Vitamin D deficiency (VDD) affects the health and wellbeing of millions worldwide. In high latitude countries such as the United Kingdom (UK), severe complications disproportionally affect ethnic minority groups.
To develop a decision-analytic model to estimate the cost effectiveness of population strategies to prevent VDD.
An individual-level simulation model was used to compare: (I) wheat flour fortification; (II) supplementation of at-risk groups; and (III) combined flour fortification and supplementation; with (IV) a ‘no additional intervention’ scenario, reflecting the current Vitamin D policy in the UK. We simulated the whole population over 90 years. Data from national nutrition surveys were used to estimate the risk of deficiency under the alternative scenarios. Costs incurred by the health care sector, the government, local authorities, and the general public were considered. Results were expressed as total cost and effect of each strategy, and as the cost per ‘prevented case of VDD’ and the ‘cost per Quality Adjusted Life Year (QALY)’.
Wheat flour fortification was cost saving as its costs were more than offset by the cost savings from preventing VDD. The combination of supplementation and fortification was cost effective (£9.5 per QALY gained). The model estimated that wheat flour fortification alone would result in 25% fewer cases of VDD, while the combined strategy would reduce the number of cases by a further 8%.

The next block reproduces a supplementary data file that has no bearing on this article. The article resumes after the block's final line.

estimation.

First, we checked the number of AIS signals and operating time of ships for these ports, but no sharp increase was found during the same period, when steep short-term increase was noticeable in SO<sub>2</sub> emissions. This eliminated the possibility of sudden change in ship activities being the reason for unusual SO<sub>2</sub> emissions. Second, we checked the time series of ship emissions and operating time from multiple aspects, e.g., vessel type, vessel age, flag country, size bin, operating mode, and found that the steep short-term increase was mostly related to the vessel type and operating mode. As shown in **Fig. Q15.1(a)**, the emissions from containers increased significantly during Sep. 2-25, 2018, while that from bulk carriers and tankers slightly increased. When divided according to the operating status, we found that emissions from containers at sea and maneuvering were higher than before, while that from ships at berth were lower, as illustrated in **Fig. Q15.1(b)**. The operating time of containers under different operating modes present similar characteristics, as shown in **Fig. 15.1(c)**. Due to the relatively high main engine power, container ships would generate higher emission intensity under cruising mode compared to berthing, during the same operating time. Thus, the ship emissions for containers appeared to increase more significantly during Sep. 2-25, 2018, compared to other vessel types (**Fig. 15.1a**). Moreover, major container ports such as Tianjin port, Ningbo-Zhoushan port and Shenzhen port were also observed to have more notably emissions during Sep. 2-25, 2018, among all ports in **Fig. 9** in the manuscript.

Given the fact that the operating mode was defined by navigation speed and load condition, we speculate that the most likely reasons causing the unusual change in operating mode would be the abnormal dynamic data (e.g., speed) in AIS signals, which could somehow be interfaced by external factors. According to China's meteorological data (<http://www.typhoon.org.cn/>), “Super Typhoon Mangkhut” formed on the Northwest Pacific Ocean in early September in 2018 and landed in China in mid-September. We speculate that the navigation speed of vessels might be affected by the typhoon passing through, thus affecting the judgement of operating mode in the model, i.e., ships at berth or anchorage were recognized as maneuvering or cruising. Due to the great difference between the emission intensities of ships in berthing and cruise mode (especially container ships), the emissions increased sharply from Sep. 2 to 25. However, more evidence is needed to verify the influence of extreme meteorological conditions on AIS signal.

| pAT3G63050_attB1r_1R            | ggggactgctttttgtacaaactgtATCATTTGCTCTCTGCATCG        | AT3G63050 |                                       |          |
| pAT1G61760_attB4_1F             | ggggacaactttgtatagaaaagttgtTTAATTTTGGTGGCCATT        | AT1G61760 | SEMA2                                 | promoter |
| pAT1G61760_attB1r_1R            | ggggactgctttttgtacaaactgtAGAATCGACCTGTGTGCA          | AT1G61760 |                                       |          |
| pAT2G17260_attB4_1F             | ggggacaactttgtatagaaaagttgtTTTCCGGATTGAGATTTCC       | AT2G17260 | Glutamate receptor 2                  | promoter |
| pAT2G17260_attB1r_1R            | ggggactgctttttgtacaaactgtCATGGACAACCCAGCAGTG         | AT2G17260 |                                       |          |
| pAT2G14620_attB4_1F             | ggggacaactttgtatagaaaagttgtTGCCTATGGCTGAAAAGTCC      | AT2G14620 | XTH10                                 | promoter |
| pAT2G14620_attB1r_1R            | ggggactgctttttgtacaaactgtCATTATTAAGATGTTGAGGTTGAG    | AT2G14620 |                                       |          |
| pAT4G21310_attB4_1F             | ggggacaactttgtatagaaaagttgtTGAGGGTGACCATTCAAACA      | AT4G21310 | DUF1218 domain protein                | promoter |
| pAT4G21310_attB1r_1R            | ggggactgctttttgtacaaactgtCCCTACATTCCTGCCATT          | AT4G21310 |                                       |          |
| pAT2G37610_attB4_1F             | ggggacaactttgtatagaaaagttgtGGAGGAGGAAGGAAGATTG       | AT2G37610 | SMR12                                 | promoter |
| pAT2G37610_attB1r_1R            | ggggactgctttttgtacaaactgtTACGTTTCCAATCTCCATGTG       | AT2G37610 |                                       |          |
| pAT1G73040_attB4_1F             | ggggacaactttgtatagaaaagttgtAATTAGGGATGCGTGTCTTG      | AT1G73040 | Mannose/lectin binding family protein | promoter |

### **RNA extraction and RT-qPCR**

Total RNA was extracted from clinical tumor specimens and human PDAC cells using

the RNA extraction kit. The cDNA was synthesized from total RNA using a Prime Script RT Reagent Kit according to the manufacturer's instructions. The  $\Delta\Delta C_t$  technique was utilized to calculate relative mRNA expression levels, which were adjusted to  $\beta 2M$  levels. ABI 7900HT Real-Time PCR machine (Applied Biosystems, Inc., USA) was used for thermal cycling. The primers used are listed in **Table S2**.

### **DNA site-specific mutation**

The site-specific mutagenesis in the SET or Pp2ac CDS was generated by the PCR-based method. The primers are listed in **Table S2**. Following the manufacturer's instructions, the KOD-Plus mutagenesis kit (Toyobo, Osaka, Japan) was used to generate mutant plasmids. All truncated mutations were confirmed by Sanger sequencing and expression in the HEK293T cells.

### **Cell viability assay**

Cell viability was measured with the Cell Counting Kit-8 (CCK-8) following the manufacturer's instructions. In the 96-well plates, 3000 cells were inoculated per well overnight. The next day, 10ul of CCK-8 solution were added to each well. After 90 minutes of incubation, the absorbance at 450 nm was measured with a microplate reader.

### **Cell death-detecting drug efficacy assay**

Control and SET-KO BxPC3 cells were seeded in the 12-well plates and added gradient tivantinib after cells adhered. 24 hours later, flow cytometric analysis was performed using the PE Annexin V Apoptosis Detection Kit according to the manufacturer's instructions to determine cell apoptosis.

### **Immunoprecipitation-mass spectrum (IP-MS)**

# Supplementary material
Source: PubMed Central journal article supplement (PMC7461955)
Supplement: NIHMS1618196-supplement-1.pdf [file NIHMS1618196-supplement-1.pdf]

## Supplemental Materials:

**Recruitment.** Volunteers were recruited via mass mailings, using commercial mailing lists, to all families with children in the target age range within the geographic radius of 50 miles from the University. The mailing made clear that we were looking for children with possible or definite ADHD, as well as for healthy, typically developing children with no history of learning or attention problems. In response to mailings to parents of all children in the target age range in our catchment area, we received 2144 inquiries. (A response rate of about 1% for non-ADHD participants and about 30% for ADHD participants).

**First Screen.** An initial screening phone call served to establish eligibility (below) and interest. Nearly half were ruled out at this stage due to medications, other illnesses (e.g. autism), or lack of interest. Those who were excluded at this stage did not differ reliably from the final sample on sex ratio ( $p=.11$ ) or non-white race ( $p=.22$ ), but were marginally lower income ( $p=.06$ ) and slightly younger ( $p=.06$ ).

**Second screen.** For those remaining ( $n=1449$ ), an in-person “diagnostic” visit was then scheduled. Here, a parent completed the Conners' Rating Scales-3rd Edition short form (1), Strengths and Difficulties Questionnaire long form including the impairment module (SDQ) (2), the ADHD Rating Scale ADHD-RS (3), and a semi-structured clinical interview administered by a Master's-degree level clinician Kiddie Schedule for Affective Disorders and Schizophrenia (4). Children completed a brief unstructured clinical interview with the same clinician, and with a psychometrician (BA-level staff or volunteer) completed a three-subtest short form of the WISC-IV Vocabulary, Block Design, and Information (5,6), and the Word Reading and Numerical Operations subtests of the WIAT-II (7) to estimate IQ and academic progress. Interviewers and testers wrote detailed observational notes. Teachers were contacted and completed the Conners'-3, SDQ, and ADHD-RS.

There is a strong economic case for fortifying wheat flour with Vitamin D, alone or in combination with targeted vitamin D3 supplementation.
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Dr. Sue Horton, School of Public Health and Health Systems, University of Waterloo, for initial advice on the economics of food fortification. Dr. Helena Pachón, Rollins School of Public Health, Emory University, for the insights on the practicalities of wheat flour fortification. The team at the Center for Health Economics Research and Evaluation, University Technology Sydney, particularly Dr. Phillip Haywood, as well as Dr. Kim Dalziel, Center for Health Policy, University of Melbourne, for the methodological advice. Smita Hanciles and Gwenda Scott from Lewisham Local Authority, UK, as well as Eleanor McGee from Birmingham Local Authority, UK, for the insights on supplementation alternatives and data access.
This research was funded by the College of Medical and Dental Sciences of the University of Birmingham, through an internal PhD studentship grant.
Conflict of interest
The authors declare that they have no conflict of interest.
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